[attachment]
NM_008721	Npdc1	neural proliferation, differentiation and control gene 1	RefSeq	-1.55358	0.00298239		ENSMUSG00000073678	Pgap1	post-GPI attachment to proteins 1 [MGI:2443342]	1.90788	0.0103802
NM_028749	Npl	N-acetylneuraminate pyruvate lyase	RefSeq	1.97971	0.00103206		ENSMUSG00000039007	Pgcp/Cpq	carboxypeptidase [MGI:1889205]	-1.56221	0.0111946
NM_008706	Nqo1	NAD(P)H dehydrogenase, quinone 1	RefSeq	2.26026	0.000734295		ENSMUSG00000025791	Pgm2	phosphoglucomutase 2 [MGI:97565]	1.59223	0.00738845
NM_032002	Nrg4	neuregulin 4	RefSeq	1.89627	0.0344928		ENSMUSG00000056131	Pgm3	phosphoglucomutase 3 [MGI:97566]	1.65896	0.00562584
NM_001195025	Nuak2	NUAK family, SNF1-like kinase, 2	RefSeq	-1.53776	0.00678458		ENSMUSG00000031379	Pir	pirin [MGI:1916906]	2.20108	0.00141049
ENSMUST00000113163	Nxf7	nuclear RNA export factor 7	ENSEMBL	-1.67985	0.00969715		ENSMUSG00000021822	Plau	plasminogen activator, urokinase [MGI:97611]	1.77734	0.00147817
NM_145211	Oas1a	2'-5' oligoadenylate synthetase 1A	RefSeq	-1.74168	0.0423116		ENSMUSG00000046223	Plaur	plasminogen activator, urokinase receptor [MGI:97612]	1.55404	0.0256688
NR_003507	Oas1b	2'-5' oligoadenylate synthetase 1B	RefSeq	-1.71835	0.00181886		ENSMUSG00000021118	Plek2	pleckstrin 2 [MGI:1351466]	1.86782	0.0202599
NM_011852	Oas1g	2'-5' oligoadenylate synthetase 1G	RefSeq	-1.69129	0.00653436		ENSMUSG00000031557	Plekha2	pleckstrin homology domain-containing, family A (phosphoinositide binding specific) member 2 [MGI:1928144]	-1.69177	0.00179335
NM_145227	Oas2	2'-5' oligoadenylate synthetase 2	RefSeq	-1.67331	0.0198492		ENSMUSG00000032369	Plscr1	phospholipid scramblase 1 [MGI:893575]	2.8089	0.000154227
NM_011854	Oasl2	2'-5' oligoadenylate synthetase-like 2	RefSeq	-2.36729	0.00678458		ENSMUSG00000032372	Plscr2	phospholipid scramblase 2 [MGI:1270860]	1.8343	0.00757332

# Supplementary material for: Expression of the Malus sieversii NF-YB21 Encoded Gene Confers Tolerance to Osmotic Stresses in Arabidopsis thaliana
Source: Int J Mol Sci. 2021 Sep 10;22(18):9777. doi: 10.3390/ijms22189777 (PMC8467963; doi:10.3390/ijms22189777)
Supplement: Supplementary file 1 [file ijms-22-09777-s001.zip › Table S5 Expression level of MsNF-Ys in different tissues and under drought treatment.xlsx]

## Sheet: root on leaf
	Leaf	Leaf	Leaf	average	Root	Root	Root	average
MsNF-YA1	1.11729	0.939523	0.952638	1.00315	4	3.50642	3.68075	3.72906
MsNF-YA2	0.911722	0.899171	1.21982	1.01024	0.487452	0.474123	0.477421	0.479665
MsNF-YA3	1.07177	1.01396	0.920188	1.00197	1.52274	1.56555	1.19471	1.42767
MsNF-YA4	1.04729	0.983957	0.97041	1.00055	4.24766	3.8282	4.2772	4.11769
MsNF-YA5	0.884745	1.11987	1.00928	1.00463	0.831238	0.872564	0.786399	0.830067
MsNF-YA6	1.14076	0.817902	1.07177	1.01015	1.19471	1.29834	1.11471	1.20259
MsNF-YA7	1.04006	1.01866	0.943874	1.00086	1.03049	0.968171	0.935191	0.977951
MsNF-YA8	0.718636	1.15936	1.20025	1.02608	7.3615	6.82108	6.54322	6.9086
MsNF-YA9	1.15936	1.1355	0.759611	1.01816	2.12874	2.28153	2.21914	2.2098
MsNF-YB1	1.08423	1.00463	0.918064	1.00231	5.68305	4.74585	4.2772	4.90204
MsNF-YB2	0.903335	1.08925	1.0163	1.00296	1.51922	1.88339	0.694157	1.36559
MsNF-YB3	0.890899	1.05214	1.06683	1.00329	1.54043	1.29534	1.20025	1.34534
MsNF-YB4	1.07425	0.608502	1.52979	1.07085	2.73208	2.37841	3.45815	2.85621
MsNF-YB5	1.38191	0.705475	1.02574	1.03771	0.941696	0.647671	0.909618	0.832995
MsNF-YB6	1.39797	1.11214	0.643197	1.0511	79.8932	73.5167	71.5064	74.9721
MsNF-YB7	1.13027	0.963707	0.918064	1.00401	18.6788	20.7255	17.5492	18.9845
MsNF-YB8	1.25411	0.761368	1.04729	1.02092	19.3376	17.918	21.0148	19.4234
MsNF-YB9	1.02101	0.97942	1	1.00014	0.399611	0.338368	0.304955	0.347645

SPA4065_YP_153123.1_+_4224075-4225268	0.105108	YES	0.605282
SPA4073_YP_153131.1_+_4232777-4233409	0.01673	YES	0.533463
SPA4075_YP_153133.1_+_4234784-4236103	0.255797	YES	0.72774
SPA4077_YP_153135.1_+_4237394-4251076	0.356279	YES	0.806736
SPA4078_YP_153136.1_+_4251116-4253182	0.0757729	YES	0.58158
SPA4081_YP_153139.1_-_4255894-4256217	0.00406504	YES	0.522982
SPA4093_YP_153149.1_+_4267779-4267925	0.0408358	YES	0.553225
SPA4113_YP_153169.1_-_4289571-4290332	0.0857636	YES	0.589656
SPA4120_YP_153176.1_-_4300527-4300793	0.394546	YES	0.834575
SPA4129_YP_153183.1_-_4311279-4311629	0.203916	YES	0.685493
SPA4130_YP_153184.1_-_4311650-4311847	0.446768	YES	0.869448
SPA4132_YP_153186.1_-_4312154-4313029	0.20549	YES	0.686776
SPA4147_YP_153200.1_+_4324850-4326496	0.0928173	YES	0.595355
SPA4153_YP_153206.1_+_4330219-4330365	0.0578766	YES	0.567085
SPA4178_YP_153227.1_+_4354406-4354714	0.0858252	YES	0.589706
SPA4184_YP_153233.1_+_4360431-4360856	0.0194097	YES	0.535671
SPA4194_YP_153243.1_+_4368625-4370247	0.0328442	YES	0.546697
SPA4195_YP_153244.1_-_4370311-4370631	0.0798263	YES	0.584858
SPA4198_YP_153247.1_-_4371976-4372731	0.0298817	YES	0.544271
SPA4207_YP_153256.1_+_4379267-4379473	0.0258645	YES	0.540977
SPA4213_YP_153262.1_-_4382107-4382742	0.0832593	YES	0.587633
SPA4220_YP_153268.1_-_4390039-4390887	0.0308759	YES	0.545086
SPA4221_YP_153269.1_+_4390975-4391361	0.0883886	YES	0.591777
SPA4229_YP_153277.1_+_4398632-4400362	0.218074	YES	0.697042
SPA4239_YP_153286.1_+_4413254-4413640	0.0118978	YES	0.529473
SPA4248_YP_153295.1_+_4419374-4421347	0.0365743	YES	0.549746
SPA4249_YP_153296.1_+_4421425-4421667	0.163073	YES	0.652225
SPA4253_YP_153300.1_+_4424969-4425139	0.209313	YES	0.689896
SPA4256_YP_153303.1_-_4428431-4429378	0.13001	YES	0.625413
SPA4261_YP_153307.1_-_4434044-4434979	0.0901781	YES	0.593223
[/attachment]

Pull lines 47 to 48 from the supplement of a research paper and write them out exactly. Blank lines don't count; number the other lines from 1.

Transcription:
SPA4147_YP_153200.1_+_4324850-4326496	0.0928173	YES	0.595355
SPA4153_YP_153206.1_+_4330219-4330365	0.0578766	YES	0.567085